Electronics, Communications: The alignment or orientation of the waves of a signal (either circular or linear).
Polar Pattern
Audio: The graphic representation of the sensitivity of a microphone over all angles at a rated frequency. Examples of polar patterns are Omnidirectional, Cardioid, Hyper-cardioid and Ultra-cardioid. "0" represents the direction in which the microphone is pointed.
Omnidirectional Polar Pattern
Cardioid Polar Pattern
Hyper-cardioid Polar Pattern
Ultra-cardioid Polar Pattern
Polar Regions
GPS, Satellite: Consists of two areas; the southernmost area of the earth which is centered upon the South Pole, and the northernmost area which is centered upon the North Pole.
Electronics: A thermoplastic material composed of polymers of ethylene.
Electronics: A chemical compound formed by polymerization, resulting in the union of monomers (smaller chemical units) or the continued reaction between polymers with a lower molecular weight.
Electronics: The process by which monomers (smaller chemical units) are combined to form a polymer.
Audio: A cone material which provides a smooth frequency response of moderate range. Polypropylene provides consistent performance and is not easily affected by humidity.
Electronics: A plastic made by the polymerization of high-purity propylene gas in the presence of an organometallic catalyst at relative low pressures and temperatures.
Electronics: A thermoplastic produced by the polymerization of styrene (vinyl benzene).
Polyvinyl Chloride: see PVC.
Audio: Popping is the noise that is associated with vocally induced distortion in a microphone due to the hard sound of consonants like "b" or "p". When a microphone is used to capture vocals, either sung or spoken, the air burst that is produced heads straight for the unprotected microphone and can cause overload distortions in the microphone and any linked electronics. A windscreen placed on the microphone can correct this problem.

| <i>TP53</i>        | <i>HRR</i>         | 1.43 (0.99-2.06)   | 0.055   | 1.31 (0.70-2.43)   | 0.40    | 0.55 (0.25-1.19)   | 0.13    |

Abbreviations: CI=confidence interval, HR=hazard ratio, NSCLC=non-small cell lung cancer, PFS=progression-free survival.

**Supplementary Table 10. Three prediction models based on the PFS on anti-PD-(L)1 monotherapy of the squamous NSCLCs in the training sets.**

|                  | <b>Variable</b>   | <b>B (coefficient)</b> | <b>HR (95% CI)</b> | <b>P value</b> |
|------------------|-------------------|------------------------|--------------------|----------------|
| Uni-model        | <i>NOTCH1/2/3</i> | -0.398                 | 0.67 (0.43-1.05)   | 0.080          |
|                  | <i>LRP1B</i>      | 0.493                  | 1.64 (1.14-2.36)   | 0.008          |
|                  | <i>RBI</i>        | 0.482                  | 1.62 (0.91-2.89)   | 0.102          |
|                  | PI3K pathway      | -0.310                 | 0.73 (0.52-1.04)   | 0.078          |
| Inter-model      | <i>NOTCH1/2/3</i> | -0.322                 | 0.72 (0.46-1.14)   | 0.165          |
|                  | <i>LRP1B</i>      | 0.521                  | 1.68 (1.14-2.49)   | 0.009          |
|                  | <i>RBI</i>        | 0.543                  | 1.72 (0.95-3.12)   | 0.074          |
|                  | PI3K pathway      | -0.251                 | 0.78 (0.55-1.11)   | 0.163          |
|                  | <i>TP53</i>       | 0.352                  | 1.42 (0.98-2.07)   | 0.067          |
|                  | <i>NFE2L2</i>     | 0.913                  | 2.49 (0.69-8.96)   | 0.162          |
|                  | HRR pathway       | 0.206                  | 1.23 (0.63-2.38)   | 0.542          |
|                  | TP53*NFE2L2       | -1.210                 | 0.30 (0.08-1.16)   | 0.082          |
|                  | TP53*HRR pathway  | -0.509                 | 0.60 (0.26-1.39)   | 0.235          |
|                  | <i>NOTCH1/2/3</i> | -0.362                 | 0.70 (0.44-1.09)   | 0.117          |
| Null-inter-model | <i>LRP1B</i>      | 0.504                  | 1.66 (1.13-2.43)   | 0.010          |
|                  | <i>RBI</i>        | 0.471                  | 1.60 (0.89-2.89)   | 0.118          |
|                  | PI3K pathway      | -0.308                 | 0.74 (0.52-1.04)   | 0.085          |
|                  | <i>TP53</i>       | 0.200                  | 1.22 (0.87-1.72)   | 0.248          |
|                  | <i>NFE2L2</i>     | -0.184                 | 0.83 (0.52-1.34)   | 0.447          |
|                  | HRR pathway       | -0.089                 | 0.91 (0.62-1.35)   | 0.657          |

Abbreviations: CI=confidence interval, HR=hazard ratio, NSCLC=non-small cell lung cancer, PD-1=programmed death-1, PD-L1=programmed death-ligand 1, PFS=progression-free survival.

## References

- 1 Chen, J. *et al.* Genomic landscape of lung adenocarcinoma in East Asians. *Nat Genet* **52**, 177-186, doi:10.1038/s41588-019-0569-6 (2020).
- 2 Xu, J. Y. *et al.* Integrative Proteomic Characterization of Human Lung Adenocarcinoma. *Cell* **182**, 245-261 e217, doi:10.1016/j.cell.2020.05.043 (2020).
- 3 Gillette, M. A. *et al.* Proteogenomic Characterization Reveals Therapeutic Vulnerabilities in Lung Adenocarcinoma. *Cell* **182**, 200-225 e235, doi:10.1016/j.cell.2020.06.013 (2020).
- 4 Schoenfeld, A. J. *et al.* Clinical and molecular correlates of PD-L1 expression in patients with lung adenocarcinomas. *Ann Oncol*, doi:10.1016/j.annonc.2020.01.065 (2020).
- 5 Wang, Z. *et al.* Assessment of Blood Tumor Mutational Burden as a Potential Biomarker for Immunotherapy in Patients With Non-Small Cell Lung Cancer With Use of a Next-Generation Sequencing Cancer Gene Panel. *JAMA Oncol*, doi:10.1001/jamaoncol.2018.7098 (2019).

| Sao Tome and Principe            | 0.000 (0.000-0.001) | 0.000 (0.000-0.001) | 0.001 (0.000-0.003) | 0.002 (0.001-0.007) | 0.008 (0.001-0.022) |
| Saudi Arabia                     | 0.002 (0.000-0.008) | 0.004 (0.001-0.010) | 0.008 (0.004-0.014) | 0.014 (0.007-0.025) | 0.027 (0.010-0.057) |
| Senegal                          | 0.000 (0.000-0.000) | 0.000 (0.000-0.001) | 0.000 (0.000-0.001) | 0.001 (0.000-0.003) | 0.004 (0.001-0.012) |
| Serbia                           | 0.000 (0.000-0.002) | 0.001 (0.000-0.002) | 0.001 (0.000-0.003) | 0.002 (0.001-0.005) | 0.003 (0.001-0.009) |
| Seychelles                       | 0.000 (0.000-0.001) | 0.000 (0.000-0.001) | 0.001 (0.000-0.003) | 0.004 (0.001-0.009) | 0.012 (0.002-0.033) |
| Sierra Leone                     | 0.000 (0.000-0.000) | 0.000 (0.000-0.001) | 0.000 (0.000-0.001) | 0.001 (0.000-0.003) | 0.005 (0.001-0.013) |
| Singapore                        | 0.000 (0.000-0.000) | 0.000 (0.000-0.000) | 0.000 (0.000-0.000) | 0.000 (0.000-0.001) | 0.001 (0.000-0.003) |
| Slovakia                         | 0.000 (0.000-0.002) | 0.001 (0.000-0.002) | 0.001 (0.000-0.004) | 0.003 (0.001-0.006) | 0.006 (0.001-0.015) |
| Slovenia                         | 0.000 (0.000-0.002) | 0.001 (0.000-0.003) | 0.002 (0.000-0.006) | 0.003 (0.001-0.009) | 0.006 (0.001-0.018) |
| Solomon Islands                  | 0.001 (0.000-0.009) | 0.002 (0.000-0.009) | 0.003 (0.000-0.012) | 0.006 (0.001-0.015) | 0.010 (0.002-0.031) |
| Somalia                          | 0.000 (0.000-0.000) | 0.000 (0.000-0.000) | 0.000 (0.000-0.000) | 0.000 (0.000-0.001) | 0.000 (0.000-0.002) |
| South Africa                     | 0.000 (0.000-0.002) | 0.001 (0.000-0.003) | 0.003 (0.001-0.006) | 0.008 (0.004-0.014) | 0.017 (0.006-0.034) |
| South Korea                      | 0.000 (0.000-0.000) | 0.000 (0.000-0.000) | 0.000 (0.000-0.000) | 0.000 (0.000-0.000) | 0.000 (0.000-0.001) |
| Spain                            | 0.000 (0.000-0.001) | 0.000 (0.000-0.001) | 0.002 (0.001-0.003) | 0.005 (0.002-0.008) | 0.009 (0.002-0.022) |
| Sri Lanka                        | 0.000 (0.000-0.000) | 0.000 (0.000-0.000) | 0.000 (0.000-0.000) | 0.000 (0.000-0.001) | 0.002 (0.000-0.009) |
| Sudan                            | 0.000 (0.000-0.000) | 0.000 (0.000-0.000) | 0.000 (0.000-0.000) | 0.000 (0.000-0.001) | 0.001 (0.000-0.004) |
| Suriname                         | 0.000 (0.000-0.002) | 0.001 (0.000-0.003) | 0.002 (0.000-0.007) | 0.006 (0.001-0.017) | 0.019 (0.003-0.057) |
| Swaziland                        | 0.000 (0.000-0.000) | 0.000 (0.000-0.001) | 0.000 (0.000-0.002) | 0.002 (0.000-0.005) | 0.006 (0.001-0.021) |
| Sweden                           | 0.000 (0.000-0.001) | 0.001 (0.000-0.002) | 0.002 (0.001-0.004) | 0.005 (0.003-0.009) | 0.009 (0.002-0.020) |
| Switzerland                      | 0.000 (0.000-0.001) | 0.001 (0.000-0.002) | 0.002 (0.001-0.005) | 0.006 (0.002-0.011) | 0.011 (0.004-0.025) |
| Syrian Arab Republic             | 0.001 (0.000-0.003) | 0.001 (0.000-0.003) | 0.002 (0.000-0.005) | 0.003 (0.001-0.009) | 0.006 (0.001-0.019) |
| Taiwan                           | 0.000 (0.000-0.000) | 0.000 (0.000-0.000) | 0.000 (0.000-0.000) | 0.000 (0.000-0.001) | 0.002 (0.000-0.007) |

Audio: A hole or tube connecting the inside of a speaker enclosure with the outside of a speaker enclosure. Also called a Vent.
Computers: A connection point on the computer that accepts a cable, allowing communication between the computer and another device.
Ported Speaker: see Enclosure, Vented.
Computers: A print mode where the image or text is printed normally, on 8.5 x 11 inch paper, as opposed to Landscape, where the image is printed sideways.
Digital Video: An image taken with the camera held sidewise to obtain an image taller than it is wide, as opposed to Landscape, where the camera is in its normal horizontal orientation.
GPS: An exact, unique location based on a geographic coordinate system.
Positive Ground: see Ground, Positive.
Positive Response: see Response, Positive.
Pot: see Potentiometer.
Potential Difference
DIY, Electronics: A voltage difference between two points that will cause current to flow in a closed circuit.